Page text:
We designate our April trips and our trips that require a hike in or out of Grand Canyon as “hike intensive.” If you’re booked on one of these trips, you’ve probably received at least one email by now that talks a little bit more about the strenuous hiking you’ll be doing on your trip. So what extra gear do you need to bring for these trips?
Not a whole lot. If you’re hiking into Grand Canyon at the start of your raft adventure, we strongly recommend hiking poles. If you’re booked on a different type of hike-intensive trip and you’re wondering whether you should bring your poles … that’s a personal call. I like to have my hands free for balance on the daily side hikes, so I don’t like to carry poles. Some people do like to use poles on all their hikes. If you’re comfortable using hiking poles, feel free to bring them on the river with you! The guides can find a place to store them on the boats so you don’t have to worry about fitting them in your provided dry bag. Just don’t forget to grab ’em before you leave the river!
What about special hiking shoes? Well, if you’re hiking in or out of Grand Canyon, you will want to have a pair of dedicated hiking shoes for that hike. I like to hike in comfortable running shoes, rather than heavier/stiffer hiking boots, but that’s also a personal preference. If your river sandals are really, really, really well broken in, you probably can get away with using those on most of the daily side hikes … but we’re betting there will be at least a few side hikes where you’ll be glad to have an alternative to your sandals. Again, these don’t have to be anything fancy — just a beat-up old pair of sneakers is perfectly appropriate, as long as they still have some decent tread on them.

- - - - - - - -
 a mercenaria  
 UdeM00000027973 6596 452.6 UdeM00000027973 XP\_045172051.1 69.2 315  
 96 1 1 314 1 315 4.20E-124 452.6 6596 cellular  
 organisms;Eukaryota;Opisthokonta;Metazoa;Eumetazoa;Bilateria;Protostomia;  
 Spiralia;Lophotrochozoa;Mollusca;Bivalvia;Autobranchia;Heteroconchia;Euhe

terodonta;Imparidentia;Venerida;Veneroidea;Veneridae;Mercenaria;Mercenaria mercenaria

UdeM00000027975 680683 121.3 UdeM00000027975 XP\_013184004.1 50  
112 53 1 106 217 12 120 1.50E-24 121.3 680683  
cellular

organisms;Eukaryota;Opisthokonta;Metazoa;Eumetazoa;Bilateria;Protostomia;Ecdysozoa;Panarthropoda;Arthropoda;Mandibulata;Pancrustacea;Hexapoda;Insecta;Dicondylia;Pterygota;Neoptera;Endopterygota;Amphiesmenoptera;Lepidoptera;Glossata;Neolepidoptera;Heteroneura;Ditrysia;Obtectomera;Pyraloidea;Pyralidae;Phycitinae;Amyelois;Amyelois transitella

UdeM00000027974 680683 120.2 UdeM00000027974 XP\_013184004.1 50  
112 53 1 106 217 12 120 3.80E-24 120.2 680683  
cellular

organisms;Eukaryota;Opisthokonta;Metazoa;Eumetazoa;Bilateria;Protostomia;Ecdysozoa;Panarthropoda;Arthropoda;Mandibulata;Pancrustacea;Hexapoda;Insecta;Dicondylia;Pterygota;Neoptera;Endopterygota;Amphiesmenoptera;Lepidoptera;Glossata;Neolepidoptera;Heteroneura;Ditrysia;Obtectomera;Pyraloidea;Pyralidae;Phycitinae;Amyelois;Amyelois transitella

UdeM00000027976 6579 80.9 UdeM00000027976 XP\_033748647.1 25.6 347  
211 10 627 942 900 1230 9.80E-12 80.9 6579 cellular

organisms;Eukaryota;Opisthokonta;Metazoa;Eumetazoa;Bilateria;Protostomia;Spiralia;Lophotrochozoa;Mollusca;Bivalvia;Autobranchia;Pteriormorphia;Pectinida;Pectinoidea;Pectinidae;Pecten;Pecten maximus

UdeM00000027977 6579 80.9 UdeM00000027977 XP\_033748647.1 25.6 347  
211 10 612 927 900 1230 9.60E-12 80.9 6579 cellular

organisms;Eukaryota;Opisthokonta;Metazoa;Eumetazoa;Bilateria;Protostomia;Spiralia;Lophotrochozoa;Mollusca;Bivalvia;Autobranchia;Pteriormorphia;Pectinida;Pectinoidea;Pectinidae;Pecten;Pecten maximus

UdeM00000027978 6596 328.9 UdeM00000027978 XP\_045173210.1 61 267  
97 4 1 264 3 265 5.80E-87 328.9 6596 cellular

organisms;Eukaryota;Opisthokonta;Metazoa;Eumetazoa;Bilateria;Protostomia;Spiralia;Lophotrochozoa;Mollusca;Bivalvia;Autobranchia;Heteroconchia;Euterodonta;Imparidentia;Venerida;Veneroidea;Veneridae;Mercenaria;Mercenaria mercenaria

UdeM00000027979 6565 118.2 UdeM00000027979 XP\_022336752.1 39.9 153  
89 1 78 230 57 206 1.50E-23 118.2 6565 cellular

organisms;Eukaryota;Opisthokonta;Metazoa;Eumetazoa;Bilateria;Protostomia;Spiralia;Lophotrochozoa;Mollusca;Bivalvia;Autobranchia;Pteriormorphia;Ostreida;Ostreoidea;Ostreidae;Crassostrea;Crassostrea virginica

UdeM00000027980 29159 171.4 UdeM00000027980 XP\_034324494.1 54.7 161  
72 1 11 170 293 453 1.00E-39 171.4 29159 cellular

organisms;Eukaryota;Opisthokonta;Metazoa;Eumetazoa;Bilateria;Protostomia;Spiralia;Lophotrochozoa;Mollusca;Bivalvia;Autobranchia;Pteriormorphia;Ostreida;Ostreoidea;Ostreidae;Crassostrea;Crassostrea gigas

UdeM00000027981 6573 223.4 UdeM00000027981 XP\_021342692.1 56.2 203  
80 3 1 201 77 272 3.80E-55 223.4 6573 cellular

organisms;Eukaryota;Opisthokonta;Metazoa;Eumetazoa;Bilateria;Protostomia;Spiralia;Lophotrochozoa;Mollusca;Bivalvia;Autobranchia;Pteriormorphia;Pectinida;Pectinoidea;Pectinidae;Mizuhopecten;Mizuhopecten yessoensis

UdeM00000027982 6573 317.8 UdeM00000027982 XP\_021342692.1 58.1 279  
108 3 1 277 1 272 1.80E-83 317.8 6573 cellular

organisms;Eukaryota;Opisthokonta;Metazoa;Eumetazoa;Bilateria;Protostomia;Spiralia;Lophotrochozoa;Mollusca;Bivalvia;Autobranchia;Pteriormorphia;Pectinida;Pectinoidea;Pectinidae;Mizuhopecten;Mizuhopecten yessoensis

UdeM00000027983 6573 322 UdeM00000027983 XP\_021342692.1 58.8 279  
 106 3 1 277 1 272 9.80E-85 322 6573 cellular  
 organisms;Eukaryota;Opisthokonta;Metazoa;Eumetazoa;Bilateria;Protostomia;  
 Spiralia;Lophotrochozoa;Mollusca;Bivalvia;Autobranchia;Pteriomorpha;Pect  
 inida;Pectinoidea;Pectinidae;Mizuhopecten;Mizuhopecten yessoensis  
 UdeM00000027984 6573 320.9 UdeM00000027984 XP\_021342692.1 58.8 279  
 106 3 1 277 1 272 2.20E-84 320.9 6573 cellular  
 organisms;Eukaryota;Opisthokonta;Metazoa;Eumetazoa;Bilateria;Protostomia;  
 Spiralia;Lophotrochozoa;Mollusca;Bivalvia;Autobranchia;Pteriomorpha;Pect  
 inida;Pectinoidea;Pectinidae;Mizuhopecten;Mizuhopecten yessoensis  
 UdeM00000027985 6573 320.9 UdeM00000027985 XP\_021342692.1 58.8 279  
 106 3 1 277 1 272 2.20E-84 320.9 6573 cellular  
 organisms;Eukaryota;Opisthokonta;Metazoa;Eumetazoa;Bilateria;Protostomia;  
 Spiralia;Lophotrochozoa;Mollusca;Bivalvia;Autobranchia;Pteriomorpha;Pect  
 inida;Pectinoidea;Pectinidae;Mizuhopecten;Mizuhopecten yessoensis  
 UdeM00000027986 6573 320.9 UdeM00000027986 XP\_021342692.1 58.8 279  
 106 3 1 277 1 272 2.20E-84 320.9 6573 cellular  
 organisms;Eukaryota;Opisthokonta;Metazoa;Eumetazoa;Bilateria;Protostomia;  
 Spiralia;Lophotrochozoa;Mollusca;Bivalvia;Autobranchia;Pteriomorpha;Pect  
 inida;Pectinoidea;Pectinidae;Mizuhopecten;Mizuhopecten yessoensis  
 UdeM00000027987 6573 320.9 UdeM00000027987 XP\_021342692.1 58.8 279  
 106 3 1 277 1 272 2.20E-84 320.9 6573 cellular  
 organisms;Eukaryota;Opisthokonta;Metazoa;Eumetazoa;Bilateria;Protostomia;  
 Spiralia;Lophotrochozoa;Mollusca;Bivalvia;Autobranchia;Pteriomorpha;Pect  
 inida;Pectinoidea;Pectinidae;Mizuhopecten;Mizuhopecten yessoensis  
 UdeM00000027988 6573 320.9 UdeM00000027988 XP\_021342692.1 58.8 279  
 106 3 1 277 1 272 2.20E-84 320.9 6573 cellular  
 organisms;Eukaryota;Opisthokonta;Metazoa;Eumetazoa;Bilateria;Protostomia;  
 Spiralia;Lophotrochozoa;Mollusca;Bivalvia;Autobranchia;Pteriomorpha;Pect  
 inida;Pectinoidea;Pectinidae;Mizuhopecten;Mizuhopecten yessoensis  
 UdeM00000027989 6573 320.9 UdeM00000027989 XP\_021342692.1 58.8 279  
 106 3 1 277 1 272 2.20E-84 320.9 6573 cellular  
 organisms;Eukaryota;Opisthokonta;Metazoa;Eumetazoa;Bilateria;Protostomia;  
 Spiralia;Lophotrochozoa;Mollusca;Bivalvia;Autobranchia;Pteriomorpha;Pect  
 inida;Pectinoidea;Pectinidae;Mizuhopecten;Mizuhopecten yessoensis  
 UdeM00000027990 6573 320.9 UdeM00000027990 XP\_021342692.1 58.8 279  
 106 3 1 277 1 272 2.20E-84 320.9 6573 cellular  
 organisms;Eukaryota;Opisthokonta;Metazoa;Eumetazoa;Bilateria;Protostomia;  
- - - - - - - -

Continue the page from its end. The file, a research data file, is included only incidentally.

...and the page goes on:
Special daypack for those side hikes? Again, personal call. If you have a small CamelBak or something like it, sure, those can be handy on hike-intensive trips. It’s nice to have a hands-free water source sometimes. But do you need a daypack like this? Nah. We want you to bring some type of water container — whether that’s a bladder/hose system like a CamelBak or just a Nalgene bottle that you’ve looped a nylon strap through and slung over your shoulder is up to you. The guides will carry snacks for sharing on the longer day hikes, so you don’t really need to worry about bringing your own food on those. The guides also have a small first-aid kit they bring on these longer day hikes. So, really, the only thing you might need a daypack for (other than for water) is for little odds and ends: a place to stuff your camera or your fleece, if you get hot, or a place to carry your sunscreen. Not exactly necessary but, if you want to bring a small daypack, go for it.
And that’s about it! If you have any questions about other stuff, just give us a call!